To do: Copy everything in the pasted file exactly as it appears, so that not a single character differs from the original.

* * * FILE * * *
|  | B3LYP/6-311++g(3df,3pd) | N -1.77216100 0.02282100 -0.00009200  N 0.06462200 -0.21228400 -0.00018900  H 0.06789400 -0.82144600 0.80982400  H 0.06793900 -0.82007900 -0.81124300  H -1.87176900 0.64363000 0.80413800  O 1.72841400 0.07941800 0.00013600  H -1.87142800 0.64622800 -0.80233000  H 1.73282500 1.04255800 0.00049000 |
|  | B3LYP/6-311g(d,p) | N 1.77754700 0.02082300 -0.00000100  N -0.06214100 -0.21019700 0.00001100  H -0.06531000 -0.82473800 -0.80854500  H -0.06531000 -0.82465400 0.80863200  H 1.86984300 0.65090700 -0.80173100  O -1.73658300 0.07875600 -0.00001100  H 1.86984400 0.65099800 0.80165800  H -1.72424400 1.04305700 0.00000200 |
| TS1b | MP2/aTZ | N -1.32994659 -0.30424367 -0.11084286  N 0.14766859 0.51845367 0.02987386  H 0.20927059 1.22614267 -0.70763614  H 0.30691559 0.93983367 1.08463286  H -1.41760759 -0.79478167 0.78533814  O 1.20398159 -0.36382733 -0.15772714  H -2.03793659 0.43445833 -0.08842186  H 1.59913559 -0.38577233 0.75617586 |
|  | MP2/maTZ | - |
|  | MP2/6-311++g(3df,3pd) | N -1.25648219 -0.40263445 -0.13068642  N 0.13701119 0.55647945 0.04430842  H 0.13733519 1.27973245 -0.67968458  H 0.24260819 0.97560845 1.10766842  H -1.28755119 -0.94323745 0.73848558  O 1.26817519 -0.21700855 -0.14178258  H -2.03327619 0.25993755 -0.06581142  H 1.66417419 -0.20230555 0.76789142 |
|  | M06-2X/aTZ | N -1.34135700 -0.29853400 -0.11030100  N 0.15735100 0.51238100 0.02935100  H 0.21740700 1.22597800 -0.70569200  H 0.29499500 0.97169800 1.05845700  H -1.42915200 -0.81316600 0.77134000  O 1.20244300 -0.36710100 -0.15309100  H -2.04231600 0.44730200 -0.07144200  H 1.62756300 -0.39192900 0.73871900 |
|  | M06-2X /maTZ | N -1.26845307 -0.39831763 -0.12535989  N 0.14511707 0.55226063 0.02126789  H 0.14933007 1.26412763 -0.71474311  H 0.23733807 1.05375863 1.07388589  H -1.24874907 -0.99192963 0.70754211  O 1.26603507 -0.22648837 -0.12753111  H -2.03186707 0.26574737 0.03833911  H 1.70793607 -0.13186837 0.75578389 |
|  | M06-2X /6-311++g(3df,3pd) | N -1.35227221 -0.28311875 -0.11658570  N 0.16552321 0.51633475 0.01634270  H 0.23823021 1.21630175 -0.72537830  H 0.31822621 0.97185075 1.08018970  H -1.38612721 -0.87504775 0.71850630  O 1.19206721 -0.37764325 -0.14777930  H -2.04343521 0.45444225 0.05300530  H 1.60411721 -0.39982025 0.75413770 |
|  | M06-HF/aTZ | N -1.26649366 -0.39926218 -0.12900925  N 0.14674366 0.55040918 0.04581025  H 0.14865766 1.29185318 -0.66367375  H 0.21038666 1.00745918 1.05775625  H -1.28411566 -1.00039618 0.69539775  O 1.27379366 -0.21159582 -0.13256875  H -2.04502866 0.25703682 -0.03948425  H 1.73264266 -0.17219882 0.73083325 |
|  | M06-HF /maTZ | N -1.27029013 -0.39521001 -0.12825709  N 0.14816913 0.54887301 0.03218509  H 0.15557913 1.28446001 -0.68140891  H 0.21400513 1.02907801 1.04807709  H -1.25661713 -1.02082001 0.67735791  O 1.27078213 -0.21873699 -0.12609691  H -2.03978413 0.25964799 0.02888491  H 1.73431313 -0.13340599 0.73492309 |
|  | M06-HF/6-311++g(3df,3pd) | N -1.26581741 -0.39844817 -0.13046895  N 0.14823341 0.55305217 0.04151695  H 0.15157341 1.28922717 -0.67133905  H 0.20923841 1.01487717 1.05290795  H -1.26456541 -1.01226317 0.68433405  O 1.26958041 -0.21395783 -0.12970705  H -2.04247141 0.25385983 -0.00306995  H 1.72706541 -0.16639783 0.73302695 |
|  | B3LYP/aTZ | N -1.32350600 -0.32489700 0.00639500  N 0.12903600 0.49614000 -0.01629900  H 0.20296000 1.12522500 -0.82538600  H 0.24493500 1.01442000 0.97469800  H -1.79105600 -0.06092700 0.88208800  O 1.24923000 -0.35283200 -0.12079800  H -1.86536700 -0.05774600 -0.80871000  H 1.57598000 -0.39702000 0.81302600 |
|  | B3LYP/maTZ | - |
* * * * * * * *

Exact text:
|  | B3LYP/6-311++g(3df,3pd) | N -1.77216100 0.02282100 -0.00009200  N 0.06462200 -0.21228400 -0.00018900  H 0.06789400 -0.82144600 0.80982400  H 0.06793900 -0.82007900 -0.81124300  H -1.87176900 0.64363000 0.80413800  O 1.72841400 0.07941800 0.00013600  H -1.87142800 0.64622800 -0.80233000  H 1.73282500 1.04255800 0.00049000 |
|  | B3LYP/6-311g(d,p) | N 1.77754700 0.02082300 -0.00000100  N -0.06214100 -0.21019700 0.00001100  H -0.06531000 -0.82473800 -0.80854500  H -0.06531000 -0.82465400 0.80863200  H 1.86984300 0.65090700 -0.80173100  O -1.73658300 0.07875600 -0.00001100  H 1.86984400 0.65099800 0.80165800  H -1.72424400 1.04305700 0.00000200 |
| TS1b | MP2/aTZ | N -1.32994659 -0.30424367 -0.11084286  N 0.14766859 0.51845367 0.02987386  H 0.20927059 1.22614267 -0.70763614  H 0.30691559 0.93983367 1.08463286  H -1.41760759 -0.79478167 0.78533814  O 1.20398159 -0.36382733 -0.15772714  H -2.03793659 0.43445833 -0.08842186  H 1.59913559 -0.38577233 0.75617586 |
|  | MP2/maTZ | - |
|  | MP2/6-311++g(3df,3pd) | N -1.25648219 -0.40263445 -0.13068642  N 0.13701119 0.55647945 0.04430842  H 0.13733519 1.27973245 -0.67968458  H 0.24260819 0.97560845 1.10766842  H -1.28755119 -0.94323745 0.73848558  O 1.26817519 -0.21700855 -0.14178258  H -2.03327619 0.25993755 -0.06581142  H 1.66417419 -0.20230555 0.76789142 |
|  | M06-2X/aTZ | N -1.34135700 -0.29853400 -0.11030100  N 0.15735100 0.51238100 0.02935100  H 0.21740700 1.22597800 -0.70569200  H 0.29499500 0.97169800 1.05845700  H -1.42915200 -0.81316600 0.77134000  O 1.20244300 -0.36710100 -0.15309100  H -2.04231600 0.44730200 -0.07144200  H 1.62756300 -0.39192900 0.73871900 |
|  | M06-2X /maTZ | N -1.26845307 -0.39831763 -0.12535989  N 0.14511707 0.55226063 0.02126789  H 0.14933007 1.26412763 -0.71474311  H 0.23733807 1.05375863 1.07388589  H -1.24874907 -0.99192963 0.70754211  O 1.26603507 -0.22648837 -0.12753111  H -2.03186707 0.26574737 0.03833911  H 1.70793607 -0.13186837 0.75578389 |
|  | M06-2X /6-311++g(3df,3pd) | N -1.35227221 -0.28311875 -0.11658570  N 0.16552321 0.51633475 0.01634270  H 0.23823021 1.21630175 -0.72537830  H 0.31822621 0.97185075 1.08018970  H -1.38612721 -0.87504775 0.71850630  O 1.19206721 -0.37764325 -0.14777930  H -2.04343521 0.45444225 0.05300530  H 1.60411721 -0.39982025 0.75413770 |
|  | M06-HF/aTZ | N -1.26649366 -0.39926218 -0.12900925  N 0.14674366 0.55040918 0.04581025  H 0.14865766 1.29185318 -0.66367375  H 0.21038666 1.00745918 1.05775625  H -1.28411566 -1.00039618 0.69539775  O 1.27379366 -0.21159582 -0.13256875  H -2.04502866 0.25703682 -0.03948425  H 1.73264266 -0.17219882 0.73083325 |
|  | M06-HF /maTZ | N -1.27029013 -0.39521001 -0.12825709  N 0.14816913 0.54887301 0.03218509  H 0.15557913 1.28446001 -0.68140891  H 0.21400513 1.02907801 1.04807709  H -1.25661713 -1.02082001 0.67735791  O 1.27078213 -0.21873699 -0.12609691  H -2.03978413 0.25964799 0.02888491  H 1.73431313 -0.13340599 0.73492309 |
|  | M06-HF/6-311++g(3df,3pd) | N -1.26581741 -0.39844817 -0.13046895  N 0.14823341 0.55305217 0.04151695  H 0.15157341 1.28922717 -0.67133905  H 0.20923841 1.01487717 1.05290795  H -1.26456541 -1.01226317 0.68433405  O 1.26958041 -0.21395783 -0.12970705  H -2.04247141 0.25385983 -0.00306995  H 1.72706541 -0.16639783 0.73302695 |
|  | B3LYP/aTZ | N -1.32350600 -0.32489700 0.00639500  N 0.12903600 0.49614000 -0.01629900  H 0.20296000 1.12522500 -0.82538600  H 0.24493500 1.01442000 0.97469800  H -1.79105600 -0.06092700 0.88208800  O 1.24923000 -0.35283200 -0.12079800  H -1.86536700 -0.05774600 -0.80871000  H 1.57598000 -0.39702000 0.81302600 |
|  | B3LYP/maTZ | - |